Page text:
Skyrocketing drug prices present an enormous problem for Floridians, and the harshest consequences will continue to fall on the state’s most vulnerable — including those who are disabled or elderly. No one should have to forgo what keeps them safe and healthy, but as costs continue to rise, many feel they have no choice but to stop taking their prescription medications.
It’s clear that Florida — and the rest of the nation — needs legislation aimed at meaningfully addressing the drug affordability problem. Patients would benefit tremendously from bipartisan proposals that would lower out-of-pocket costs for consumers and ensure the future of those who produce the pharmaceuticals we all need.
As head of Florida’s Hispanic Chamber of Commerce, I can attest to how vital it is to Florida’s economy to make sure our state’s low-income residents can continue to afford their medicines while avoiding steps that could hinder the pharmaceutical industry’s scientific advancements.
What would bring real relief to these patients at the pharmacy counter is establishing a cap on out-of-pocket drug costs in Medicare Part D. Another proposal to bring much-needed cost predictability would be creating a “smoothing” mechanism that minimizes the impact of drug costs on seniors getting by on fixed incomes.
What won’t do these vulnerable patients any good — especially in the long run — are hyperpartisan attempts to allow the government to set the price of medicines under the guise of “negotiation.” The health policies included in the Build Back Better Act, which is now moving to the Senate for consideration, would do just that. While these programs’ objectives may be admirable, they would impose problematic government controls stifling innovation and potentially even reducing access to medications.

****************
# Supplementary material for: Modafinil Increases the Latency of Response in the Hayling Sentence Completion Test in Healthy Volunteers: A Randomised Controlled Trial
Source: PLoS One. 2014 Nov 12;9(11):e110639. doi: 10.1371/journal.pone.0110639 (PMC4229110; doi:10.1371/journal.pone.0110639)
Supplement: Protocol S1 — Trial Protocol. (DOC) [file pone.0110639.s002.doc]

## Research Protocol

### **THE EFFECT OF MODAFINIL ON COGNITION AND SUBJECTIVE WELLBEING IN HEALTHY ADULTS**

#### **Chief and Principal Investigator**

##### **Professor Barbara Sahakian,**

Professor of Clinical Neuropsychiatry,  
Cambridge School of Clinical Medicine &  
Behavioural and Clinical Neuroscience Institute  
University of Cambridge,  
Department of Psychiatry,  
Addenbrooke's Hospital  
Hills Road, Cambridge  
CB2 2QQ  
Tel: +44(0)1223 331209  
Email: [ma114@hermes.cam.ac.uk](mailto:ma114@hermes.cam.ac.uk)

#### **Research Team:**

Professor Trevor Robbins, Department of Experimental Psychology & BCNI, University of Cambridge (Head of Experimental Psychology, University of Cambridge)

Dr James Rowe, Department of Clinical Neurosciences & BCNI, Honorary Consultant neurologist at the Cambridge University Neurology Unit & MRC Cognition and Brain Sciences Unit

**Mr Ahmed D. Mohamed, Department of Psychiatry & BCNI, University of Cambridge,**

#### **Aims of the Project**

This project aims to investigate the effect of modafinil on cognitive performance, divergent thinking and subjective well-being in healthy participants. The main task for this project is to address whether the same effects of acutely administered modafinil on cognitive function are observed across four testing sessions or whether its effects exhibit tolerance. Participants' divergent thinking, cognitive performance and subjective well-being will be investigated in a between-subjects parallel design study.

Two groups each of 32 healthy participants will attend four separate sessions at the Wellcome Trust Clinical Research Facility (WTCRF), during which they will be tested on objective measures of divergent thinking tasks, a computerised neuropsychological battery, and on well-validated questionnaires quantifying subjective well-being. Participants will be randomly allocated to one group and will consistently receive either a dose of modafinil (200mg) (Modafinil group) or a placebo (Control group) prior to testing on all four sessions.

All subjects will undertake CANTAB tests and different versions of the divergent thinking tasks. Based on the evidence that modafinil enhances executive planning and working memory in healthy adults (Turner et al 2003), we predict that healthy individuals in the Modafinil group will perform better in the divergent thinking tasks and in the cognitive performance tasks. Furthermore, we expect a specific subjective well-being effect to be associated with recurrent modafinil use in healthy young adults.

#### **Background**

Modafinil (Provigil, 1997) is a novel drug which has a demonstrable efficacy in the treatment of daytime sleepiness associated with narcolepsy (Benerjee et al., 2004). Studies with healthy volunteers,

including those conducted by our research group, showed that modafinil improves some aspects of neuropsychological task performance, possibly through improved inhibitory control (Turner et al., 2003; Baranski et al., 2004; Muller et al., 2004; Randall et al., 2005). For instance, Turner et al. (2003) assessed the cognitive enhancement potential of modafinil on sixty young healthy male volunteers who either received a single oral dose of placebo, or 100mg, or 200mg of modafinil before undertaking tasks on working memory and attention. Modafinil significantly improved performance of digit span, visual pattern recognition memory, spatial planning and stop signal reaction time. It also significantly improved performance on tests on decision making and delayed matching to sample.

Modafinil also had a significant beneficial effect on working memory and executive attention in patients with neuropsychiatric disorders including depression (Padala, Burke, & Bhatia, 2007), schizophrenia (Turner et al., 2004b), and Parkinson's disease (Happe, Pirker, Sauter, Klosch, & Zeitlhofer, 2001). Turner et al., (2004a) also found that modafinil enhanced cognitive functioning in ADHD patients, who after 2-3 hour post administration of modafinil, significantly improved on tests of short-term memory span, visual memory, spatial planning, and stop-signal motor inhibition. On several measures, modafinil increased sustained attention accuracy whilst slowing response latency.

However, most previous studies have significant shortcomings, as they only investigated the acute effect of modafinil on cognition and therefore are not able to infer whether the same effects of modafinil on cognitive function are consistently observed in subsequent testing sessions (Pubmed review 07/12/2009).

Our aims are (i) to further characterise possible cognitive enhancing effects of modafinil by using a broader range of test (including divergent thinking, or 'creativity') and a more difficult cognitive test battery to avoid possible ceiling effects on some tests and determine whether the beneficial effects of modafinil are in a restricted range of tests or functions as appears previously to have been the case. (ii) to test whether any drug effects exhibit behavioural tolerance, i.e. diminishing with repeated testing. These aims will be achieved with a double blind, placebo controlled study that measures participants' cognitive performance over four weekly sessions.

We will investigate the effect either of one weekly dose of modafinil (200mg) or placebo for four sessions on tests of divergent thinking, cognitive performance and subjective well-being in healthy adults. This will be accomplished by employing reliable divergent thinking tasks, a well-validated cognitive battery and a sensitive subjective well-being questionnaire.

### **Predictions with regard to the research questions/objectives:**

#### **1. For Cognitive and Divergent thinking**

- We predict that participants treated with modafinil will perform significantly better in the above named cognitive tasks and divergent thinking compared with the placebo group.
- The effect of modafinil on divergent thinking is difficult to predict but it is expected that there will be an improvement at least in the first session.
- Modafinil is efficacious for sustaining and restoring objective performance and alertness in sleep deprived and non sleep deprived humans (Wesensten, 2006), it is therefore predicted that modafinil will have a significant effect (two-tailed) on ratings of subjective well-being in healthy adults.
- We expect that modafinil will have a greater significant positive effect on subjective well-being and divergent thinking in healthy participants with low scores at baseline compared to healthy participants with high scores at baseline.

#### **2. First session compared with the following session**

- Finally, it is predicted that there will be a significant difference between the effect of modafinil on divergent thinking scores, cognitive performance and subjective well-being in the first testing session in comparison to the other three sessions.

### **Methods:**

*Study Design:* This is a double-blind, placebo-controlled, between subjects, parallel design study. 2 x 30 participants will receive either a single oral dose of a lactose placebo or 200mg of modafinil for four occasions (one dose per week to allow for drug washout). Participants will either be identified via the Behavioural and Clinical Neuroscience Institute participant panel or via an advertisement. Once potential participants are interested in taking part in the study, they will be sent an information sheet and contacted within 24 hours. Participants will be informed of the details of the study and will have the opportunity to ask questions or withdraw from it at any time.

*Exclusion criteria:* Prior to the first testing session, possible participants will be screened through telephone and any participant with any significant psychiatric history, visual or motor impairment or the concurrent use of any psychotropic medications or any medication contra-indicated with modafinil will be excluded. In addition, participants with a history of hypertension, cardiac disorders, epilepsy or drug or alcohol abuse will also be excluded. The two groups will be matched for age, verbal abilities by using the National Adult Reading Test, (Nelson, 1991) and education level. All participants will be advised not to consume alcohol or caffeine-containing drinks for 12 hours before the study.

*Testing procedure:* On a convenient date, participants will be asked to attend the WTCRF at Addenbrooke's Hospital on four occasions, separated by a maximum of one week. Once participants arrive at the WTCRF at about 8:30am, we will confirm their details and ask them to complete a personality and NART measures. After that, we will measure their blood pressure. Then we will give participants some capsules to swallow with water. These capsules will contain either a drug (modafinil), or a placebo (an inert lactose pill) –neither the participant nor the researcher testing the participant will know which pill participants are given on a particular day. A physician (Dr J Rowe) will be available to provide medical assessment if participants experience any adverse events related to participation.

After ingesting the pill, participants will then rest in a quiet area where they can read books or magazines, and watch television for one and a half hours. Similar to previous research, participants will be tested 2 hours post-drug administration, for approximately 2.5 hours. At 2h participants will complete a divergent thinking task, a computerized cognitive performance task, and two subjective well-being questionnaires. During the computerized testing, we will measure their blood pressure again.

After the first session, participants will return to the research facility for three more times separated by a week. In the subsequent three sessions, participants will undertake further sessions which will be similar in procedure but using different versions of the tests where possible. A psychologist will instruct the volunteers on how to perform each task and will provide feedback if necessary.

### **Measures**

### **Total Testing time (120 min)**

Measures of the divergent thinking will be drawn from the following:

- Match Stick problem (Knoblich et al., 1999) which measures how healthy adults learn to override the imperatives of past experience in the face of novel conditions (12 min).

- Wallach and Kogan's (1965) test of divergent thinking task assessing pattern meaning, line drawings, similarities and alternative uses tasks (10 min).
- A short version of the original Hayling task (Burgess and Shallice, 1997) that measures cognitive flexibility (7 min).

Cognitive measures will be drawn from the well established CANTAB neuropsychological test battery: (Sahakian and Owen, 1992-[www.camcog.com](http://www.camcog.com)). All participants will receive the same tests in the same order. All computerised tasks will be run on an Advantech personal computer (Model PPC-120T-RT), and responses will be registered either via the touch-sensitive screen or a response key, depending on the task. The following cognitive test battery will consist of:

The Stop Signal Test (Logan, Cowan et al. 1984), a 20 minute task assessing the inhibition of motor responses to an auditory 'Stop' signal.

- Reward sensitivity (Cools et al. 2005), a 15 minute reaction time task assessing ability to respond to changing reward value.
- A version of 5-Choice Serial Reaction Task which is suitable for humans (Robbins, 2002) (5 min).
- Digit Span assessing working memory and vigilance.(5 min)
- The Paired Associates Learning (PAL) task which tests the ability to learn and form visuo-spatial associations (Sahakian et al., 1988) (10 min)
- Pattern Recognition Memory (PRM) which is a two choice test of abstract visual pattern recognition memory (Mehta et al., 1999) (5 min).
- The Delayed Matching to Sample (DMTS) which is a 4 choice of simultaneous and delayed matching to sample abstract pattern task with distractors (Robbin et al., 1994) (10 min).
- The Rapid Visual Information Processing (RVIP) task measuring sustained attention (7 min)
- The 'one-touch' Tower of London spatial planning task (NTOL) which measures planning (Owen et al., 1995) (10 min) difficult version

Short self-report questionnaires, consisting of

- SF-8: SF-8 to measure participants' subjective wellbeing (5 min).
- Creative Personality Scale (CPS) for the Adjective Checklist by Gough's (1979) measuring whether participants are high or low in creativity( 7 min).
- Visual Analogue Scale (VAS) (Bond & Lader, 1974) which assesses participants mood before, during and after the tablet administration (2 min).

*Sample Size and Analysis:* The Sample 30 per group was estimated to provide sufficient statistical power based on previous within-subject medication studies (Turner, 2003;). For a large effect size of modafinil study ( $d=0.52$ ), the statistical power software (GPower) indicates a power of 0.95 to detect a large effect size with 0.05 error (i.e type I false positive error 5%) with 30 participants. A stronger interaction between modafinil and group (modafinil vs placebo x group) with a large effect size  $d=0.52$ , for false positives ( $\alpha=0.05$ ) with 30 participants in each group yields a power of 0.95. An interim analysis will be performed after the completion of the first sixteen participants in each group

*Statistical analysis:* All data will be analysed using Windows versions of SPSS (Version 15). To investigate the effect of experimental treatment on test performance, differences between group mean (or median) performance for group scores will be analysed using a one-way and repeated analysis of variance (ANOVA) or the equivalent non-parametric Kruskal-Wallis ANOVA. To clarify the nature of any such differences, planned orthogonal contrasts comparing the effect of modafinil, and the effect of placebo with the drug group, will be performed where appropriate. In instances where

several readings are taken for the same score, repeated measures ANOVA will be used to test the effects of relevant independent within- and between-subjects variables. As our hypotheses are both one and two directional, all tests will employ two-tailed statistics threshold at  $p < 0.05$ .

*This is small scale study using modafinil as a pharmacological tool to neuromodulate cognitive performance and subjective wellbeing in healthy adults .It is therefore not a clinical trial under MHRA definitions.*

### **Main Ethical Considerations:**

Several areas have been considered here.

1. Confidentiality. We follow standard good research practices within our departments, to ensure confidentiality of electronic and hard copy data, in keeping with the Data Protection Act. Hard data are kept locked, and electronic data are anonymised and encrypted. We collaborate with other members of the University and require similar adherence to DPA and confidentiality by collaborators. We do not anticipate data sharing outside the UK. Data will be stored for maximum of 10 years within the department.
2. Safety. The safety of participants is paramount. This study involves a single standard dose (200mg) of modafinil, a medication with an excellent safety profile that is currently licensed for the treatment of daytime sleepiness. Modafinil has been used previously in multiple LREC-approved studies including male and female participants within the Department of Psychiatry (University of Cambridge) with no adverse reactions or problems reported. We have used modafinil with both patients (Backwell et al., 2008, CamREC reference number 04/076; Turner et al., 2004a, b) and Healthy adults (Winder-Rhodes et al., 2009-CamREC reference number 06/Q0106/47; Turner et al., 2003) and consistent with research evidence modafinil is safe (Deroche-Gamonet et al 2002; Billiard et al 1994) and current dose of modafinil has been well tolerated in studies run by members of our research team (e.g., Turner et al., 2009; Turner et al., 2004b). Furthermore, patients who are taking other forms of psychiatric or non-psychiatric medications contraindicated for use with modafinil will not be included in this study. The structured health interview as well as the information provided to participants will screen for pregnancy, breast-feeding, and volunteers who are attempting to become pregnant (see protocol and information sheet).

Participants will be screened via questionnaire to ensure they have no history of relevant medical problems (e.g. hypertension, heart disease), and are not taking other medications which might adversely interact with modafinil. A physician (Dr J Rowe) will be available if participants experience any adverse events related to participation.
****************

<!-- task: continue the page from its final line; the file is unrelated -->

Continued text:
As medical science advances, patients should be able to enjoy more treatment options — but these types of policies would send Florida and the rest of the nation backward when it comes to making progress with pharmaceuticals so important to minority communities that struggle to obtain adequate health care. Even the nonpartisan Congressional Budget Office acknowledges that policies like these would conservatively lead to 60 fewer new treatments by the middle of the century.
According to health and technology consultancy Vital Transformation, these policies could mean a 90% reduction in new medicines developed by small and emerging biotech companies. Reducing drug prices shouldn’t also mean restrictive measures that keep scientists and physicians from creating lifesaving cures and medical advancements.
Lowering these prices also doesn’t have to come at the cost of hampering the pharmaceutical industry, one of the nation’s crown economic jewels. These kinds of policies could result in the loss of roughly 1 million American jobs that are supported by the biopharmaceutical industry, a Vital Transformation estimate found.
The bottom line is that there are responsible, bipartisan proposals aimed at lowering patients’ out-of-pocket costs that also protect access to today’s medicines and tomorrow’s cures. Having the government intervene to “negotiate” the price of medications puts this access at stake for millions, including seniors and people with disabilities.
For the sake of ensuring that Florida patients — especially our poorest and most vulnerable — can afford what they desperately need at the pharmacy counter, and that they will be able to benefit from future medicines that could save their lives, I hope only truly responsible proposals are prioritized.
Julio Fuentes is the president and CEO of the Florida State Hispanic Chamber of Commerce.